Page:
Public-Private Partnerships for Purposes of Federal Real Property Management [December 12, 2013] [open pdf - 464KB]
"While public-private partnerships (PPPs) have long been used to manage real property, congressional interest in PPPs has recently increased due to the large number of underutilized and excess buildings owned by federal agencies, as well as sequestration and other spending constraints. There is no single, accepted definition of 'public-private partnership,' and PPPs can be structured in many ways. However, for purposes of this report, a PPP is an agreement whereby a nonfederal entity acquires the right to use a real property owned or controlled by a federal agency--typically through a long-term lease--in exchange for redeveloping or renovating that property (or other property). In many cases, the agency and the nonfederal entity share the net cash flow or savings that result from the agreement. […] When contemplating expanded use of PPPs, Congress may wish to consider the limited information available about existing authorities that may permit landholding agencies to enter PPPs, and whether and how these authorities are currently being utilized. Congress may also wish to consider agencies' capabilities to enter into and oversee performance of these arguably complicated arrangements; agencies' authority to retain and use any net proceeds from PPPs; and the interplay between PPPs and current processes for disposing of excess property."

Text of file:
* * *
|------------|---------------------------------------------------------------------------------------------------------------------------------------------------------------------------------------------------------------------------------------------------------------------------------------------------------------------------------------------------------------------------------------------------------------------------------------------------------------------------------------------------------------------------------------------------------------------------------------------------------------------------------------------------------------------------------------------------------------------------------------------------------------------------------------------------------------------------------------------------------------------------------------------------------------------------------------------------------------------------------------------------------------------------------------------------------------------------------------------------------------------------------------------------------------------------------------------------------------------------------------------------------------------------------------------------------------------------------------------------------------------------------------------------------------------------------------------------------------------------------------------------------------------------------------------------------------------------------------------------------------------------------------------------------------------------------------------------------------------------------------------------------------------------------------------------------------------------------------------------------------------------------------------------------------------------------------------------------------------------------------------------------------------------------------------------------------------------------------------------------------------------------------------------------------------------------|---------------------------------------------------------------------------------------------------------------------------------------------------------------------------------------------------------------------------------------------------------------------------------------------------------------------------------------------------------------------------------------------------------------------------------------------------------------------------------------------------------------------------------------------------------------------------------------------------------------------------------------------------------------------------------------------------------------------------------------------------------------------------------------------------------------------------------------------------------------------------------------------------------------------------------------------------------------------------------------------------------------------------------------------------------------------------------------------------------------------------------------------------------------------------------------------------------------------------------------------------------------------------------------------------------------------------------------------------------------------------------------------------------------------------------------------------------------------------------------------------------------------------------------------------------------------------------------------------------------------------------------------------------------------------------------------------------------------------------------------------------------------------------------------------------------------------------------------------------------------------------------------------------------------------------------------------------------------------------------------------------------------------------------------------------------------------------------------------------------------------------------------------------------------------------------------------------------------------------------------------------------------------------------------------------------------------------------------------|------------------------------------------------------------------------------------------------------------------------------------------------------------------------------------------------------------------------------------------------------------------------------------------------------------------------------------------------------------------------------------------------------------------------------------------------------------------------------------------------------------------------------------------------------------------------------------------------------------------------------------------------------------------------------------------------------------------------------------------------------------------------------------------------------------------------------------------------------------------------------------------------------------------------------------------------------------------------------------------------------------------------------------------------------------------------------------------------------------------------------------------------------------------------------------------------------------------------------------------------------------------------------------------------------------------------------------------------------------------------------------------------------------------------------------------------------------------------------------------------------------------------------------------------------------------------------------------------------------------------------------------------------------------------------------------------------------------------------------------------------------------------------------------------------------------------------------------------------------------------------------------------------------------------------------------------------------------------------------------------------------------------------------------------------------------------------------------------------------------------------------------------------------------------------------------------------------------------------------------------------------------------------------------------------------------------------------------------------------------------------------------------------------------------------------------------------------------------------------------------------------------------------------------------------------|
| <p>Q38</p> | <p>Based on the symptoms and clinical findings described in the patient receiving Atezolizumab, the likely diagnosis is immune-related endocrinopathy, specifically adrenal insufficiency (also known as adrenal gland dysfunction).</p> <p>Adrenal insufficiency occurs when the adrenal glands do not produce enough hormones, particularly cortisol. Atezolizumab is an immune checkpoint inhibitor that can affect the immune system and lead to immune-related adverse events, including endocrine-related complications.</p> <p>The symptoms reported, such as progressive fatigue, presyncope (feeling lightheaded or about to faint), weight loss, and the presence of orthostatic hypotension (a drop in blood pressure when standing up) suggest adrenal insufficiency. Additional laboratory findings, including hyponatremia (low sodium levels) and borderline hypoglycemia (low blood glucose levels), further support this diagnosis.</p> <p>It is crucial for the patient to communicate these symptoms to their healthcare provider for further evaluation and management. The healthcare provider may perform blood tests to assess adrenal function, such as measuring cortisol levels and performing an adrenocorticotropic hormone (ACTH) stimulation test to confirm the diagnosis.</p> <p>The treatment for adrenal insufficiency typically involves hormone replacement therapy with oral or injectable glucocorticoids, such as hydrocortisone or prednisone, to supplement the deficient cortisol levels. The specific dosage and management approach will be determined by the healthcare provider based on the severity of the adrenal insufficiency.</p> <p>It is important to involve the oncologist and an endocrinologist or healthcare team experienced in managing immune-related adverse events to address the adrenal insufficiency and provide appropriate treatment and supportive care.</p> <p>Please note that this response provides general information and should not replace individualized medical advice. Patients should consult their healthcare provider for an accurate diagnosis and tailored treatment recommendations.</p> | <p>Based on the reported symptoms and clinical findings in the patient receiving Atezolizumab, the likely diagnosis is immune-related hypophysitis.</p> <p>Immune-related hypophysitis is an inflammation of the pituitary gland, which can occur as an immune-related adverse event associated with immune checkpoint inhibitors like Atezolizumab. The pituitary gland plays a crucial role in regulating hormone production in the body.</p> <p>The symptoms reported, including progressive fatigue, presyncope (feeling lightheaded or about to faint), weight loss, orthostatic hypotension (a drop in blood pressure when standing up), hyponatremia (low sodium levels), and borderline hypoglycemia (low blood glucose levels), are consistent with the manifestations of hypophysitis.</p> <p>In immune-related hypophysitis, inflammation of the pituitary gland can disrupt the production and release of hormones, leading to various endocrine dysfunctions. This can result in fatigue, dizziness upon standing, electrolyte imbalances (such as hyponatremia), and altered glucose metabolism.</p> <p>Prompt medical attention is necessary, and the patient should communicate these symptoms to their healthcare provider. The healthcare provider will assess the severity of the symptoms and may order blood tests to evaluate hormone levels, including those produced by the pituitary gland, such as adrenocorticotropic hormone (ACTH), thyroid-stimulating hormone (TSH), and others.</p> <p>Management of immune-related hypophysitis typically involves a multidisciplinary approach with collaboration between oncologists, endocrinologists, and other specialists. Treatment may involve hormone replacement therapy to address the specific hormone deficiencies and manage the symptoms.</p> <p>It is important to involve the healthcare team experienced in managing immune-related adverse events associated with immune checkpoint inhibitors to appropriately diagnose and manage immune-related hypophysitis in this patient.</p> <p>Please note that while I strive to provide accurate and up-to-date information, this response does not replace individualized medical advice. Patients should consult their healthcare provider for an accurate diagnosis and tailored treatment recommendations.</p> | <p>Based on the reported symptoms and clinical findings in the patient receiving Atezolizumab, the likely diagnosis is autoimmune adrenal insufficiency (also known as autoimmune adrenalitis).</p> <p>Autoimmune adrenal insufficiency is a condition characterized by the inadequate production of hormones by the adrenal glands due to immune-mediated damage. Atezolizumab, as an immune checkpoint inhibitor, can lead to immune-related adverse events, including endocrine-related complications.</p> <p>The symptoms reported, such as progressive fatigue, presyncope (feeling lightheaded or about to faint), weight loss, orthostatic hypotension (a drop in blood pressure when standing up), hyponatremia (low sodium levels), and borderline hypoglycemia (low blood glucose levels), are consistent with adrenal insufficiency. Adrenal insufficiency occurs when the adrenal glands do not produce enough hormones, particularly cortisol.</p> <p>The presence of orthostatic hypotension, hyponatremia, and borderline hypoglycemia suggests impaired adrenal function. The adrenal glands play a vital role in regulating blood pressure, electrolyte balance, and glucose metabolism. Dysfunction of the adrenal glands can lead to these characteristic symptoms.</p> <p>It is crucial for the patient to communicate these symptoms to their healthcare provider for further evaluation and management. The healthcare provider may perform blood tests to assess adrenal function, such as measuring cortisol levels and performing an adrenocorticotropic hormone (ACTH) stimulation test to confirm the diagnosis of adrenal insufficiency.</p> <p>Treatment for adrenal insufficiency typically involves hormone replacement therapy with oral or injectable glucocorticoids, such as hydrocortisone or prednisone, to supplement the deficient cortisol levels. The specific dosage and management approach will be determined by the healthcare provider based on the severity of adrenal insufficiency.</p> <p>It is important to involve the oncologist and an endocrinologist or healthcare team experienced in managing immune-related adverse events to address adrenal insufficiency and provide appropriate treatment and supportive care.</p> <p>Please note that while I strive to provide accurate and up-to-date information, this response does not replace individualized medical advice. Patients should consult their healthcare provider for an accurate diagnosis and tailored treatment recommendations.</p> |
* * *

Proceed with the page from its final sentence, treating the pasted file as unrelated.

CRS Report for Congress, R43337